If you’re turning 65 or are already enrolled in Medicare, you have a decision to make about which private coverage you’re going to take to round out traditional Medicare benefits.
People just enrolling in Medicare have to decide that when they sign up. Current Medicare beneficiaries are in the middle of the annual open enrollment period where they can switch carriers or coverage. The deadline for that is Dec. 7, less than a month away.
So, this is a good time for you to weigh all your options, specifically whether a Medicare Supplement or Advantage plan is better for you.
A Medicare Supplement plan, also known as Medigap, fills the gap where Medicare doesn’t pay 100% of the costs of visits or procedures. A Medicare Advantage plan outsources your medical care to a private health insurance company which runs it like a health maintenance organization (HMO) or preferred provider organization (PPO).
Advantage plans are generally cheaper and offer more services but a limited provider network. Supplement plans let you keep your doctors (if they take Medicare) and usually cost more, though you’ll pay lower out- of-pocket costs.
But to decide, you’ll need a basic understanding of how Medicare works. At 65, almost everyone is required to sign up for Medicare (those still working and covered by employers’ health plans must sign up but can get a delay), automatically enrolling you in Part A (inpatient or hospital coverage) and Part B (outpatient and medical coverage). Part D covers the cost of prescription drugs.
People pay $144.60 a month for Parts A & B, or traditional Medicare, although you can pay much more—close to $500 a month if you’re earning $500,000 as a single individual or $750,000 as a couple. Once you start collecting Social Security, the Medicare premium is withheld from your benefits.
Then you have to decide whether to get Medicare Part C, an Advantage plan, or a supplemental plan to Parts A and B. Both are sold by health insurers, but only Advantage plans include Part D prescription drug coverage. (With a Supplement plan you’ll have to buy separate prescription drug coverage.)
Under a Supplement plan you pay your monthly premium and the insurer picks up almost all of what Medicare won’t pay for approved services, although some plans have higher deductibles than others. As of 2018, average premiums ranged from $100 to $168 a month, depending on the state. Medigap plans are pretty standardized and don’t change much from year to year.
Advantage plans cost less than Medigaps, sometimes even nothing per month. That’s because “most Medicare Advantage companies will collect over $1,000 a month from Medicare itself to take on the risk of that person,” explained Danielle Roberts, co-founder of Boomer Benefits, a Medicare insurance broker based in Fort Worth, Texas, and author of 10 Costly Medicare Mistakes You Can’t Afford to Make. “So, it’s to their advantage to make that plan as cheap as possible to attract the beneficiary to enroll. And then if they can deliver care for less than what they collect from Medicare for you, they come out ahead.”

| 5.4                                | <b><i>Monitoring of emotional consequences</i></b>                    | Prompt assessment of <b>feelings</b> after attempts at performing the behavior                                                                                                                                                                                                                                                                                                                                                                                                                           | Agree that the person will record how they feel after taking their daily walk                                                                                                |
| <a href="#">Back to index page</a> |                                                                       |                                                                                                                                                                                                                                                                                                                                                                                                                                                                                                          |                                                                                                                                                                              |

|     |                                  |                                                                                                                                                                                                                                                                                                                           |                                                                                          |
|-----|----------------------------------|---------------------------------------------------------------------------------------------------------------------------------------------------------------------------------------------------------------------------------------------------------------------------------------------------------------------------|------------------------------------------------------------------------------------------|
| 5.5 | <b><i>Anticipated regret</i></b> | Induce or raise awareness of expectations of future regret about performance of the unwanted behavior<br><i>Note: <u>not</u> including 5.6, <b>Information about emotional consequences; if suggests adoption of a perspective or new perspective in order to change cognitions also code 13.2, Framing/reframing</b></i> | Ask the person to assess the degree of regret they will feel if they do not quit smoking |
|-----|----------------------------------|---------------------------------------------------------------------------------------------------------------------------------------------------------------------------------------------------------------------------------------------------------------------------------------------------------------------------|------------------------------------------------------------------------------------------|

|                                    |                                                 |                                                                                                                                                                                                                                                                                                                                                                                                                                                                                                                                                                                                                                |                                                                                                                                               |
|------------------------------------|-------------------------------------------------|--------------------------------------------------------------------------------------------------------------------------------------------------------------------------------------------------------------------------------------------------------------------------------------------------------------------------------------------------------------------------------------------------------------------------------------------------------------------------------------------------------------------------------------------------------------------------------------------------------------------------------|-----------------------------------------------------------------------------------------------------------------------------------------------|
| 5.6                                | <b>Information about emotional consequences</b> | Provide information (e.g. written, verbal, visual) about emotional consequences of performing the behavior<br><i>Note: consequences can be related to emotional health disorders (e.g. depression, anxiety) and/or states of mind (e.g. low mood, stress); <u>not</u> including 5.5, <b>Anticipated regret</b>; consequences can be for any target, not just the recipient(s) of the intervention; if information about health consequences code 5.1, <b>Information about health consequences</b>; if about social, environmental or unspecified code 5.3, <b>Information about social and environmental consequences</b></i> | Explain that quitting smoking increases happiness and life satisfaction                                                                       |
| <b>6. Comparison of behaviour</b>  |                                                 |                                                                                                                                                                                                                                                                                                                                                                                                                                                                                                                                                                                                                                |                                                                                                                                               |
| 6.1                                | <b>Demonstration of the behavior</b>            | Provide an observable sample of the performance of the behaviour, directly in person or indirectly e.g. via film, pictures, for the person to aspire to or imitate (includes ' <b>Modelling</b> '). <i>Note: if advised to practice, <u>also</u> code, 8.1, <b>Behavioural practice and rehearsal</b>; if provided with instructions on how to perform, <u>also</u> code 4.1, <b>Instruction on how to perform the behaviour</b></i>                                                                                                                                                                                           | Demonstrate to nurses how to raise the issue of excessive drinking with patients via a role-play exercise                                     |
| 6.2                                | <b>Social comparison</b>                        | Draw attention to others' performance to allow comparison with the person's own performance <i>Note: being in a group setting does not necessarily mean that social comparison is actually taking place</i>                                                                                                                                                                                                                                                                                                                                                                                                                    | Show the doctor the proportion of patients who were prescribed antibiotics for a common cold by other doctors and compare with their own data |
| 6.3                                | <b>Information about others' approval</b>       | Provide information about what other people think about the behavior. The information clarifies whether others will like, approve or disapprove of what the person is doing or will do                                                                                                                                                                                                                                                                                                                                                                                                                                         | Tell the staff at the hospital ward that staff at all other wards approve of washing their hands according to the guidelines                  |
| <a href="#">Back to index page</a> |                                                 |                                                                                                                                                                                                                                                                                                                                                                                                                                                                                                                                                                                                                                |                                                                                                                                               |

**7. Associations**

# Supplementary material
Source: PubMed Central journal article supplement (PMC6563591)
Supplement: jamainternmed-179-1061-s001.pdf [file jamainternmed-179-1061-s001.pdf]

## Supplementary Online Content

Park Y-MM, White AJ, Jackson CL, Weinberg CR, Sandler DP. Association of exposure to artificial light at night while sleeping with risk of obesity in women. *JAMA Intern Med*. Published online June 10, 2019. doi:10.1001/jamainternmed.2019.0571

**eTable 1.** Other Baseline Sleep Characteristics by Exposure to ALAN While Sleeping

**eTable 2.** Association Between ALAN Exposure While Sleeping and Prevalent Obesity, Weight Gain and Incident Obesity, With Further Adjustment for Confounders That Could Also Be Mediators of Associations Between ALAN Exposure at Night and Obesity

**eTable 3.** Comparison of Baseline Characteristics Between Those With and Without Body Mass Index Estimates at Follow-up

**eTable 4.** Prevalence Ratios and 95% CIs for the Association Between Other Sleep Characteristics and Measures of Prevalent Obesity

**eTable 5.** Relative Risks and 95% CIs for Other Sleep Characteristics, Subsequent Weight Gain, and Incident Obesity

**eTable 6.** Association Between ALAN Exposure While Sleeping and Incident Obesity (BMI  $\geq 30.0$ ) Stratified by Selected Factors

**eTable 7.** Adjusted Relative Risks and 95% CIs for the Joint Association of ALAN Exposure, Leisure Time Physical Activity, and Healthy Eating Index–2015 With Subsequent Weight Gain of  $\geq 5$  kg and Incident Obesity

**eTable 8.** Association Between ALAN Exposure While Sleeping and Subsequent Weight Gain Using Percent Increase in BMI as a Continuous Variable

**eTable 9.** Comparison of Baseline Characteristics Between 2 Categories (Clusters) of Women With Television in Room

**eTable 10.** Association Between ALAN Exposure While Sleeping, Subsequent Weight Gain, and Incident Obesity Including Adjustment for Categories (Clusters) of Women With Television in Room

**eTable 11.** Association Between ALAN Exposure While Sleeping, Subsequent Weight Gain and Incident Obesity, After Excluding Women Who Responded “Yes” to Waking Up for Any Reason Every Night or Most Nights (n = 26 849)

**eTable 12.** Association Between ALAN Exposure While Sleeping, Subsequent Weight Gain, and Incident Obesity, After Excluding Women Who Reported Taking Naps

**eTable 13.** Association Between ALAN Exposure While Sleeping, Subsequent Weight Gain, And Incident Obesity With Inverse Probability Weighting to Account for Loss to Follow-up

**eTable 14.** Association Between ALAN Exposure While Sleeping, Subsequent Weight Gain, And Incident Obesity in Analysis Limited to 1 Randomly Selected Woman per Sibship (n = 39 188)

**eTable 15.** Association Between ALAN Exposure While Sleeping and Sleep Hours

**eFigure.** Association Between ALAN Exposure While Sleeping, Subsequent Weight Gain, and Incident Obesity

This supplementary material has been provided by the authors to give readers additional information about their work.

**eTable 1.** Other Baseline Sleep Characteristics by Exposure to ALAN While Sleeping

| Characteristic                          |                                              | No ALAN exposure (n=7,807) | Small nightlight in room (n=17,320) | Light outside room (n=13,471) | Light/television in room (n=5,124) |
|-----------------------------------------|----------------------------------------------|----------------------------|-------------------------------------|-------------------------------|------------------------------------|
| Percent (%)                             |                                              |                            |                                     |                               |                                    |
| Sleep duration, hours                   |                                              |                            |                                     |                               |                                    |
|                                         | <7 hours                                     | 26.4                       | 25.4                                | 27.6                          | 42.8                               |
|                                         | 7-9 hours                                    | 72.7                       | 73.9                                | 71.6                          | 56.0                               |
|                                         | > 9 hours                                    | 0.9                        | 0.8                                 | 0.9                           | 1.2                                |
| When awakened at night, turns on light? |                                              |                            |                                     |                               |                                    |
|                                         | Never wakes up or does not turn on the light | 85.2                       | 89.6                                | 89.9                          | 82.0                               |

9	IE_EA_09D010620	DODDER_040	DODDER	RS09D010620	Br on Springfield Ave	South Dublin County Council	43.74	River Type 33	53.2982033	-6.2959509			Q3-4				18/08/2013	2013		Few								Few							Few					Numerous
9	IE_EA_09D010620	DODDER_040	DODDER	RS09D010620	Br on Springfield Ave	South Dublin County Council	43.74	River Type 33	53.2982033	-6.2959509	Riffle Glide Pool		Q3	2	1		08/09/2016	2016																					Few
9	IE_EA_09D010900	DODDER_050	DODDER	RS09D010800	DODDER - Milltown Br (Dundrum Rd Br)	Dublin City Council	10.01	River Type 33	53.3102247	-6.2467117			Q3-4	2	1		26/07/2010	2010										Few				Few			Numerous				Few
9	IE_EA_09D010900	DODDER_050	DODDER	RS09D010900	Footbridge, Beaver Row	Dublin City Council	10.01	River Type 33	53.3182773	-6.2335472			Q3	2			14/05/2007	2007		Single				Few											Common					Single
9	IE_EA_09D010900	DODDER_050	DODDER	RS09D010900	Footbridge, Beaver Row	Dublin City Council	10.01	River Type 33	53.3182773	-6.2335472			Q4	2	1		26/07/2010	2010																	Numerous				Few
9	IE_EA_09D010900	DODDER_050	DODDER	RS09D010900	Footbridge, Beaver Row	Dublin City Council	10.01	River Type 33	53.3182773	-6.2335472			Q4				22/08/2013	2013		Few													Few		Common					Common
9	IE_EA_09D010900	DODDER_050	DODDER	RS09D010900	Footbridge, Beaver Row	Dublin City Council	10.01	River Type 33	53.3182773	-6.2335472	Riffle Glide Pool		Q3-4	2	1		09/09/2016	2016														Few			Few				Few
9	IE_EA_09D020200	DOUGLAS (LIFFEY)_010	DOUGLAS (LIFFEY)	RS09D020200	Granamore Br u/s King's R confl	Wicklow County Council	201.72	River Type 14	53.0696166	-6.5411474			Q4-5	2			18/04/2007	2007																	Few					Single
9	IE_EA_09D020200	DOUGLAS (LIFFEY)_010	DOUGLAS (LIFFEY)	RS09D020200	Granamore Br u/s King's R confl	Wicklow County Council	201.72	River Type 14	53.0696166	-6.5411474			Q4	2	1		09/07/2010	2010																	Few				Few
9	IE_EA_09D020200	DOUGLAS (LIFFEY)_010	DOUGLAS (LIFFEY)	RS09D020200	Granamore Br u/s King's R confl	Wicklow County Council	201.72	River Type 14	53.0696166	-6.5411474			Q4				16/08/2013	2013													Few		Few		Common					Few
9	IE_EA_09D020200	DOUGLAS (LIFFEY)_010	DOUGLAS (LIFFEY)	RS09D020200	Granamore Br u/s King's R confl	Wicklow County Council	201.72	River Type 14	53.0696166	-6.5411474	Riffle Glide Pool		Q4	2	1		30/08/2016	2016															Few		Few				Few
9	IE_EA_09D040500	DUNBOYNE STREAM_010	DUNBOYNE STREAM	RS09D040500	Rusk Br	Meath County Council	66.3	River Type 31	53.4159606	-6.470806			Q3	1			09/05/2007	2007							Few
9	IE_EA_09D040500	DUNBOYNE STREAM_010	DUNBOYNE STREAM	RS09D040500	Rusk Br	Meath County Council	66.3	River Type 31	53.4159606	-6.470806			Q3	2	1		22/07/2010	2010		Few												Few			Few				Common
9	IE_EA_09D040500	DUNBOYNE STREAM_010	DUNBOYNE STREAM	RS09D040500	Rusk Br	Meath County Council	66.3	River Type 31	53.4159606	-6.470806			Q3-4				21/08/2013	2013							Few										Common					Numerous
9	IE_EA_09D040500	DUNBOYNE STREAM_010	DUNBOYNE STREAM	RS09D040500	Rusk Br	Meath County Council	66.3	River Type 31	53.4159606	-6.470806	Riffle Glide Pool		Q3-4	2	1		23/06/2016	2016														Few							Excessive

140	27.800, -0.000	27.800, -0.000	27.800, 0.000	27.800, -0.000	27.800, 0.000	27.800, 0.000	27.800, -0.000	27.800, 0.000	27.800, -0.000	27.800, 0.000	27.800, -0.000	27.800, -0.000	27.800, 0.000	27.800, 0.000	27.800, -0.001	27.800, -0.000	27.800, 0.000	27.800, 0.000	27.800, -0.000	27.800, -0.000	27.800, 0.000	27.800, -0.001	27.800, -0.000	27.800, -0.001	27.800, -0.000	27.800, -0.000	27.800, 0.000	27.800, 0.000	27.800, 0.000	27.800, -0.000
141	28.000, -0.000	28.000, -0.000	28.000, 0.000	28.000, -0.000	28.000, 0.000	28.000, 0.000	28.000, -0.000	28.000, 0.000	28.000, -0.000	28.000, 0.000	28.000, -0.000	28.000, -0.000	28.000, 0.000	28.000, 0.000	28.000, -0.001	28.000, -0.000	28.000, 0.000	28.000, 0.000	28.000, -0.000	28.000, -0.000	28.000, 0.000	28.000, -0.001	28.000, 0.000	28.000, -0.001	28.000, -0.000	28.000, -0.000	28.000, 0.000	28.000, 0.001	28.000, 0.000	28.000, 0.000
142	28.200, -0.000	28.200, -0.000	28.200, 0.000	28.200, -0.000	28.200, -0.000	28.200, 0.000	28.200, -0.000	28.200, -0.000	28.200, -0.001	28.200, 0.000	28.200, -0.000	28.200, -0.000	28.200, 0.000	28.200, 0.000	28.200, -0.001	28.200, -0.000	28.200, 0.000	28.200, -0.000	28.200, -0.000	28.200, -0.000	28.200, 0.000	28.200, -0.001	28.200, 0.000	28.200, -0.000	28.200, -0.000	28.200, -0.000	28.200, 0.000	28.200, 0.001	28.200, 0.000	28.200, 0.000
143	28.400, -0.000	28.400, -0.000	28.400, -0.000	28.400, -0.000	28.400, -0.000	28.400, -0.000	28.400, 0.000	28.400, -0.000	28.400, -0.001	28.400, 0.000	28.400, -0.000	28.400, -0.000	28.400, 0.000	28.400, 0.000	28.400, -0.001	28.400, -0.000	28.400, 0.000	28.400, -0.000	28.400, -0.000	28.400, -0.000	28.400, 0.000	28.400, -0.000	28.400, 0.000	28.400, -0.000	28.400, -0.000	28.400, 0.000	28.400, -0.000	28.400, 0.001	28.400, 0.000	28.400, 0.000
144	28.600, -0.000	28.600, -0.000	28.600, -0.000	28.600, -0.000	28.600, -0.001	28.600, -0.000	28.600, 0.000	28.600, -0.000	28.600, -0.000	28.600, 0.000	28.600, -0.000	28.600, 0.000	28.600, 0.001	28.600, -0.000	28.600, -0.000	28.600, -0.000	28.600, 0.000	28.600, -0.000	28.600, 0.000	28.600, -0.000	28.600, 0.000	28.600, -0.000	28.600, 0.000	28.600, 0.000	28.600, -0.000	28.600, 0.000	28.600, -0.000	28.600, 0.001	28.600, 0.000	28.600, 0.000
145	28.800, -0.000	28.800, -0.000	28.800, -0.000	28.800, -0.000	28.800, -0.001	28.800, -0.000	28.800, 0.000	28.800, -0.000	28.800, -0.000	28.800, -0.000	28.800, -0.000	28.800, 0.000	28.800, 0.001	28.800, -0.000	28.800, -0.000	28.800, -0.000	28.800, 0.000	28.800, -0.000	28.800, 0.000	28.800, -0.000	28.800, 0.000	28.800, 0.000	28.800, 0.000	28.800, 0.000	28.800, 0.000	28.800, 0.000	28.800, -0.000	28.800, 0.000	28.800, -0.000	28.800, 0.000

Advantage plans offer coverage for dental, vision care, and hearing aids that Medigap plans do not, because Medicare doesn’t cover them. But they’re likely to be limited. “So, it might be a dental benefit that pays for two teeth cleanings a year if you use this network of dentists,” said Roberts. “Or it might be a vision benefit where you can get an eye exam for a $30 copay, and then they’re going to give you a $100 credit toward a pair of eyeglasses.”
The limited plans often go hand in hand with limited networks, so if you’re considering an Advantage plan, research whether the doctors or hospitals you want are covered by that specific plan. And since Advantage plans can change from year to year, you must pore over the packets insurers send you annually before you make a decision.
So, who are they good for? “If you like freedom of access and predictability, you’re a good candidate for Medigap,” said Roberts, “because you can see any doctor that takes Medicare anywhere in the nation, and the Medigap plan… is going to pay just like it was supposed to.” It’s particularly suitable for snowbirds, who spend part of the year in, say, Florida, and RV road warriors, as well as for people who have serious illnesses and need assured access to treatment without big deductibles.
But healthy, active seniors might be better off with an Advantage plan. “A lot of times a Medicare Advantage plan really appeals to that person because they don’t want to spend all that money on a Medigap plan” and would rather pay out nominal copays than a big monthly premium, she said. Advantage plans also are good for people living on Social Security and just getting by.
Of course, you know your own situation best, but with the Dec. 7 deadline looming, if you’re thinking about changing your coverage, it’s time to do some serious research and get cracking.
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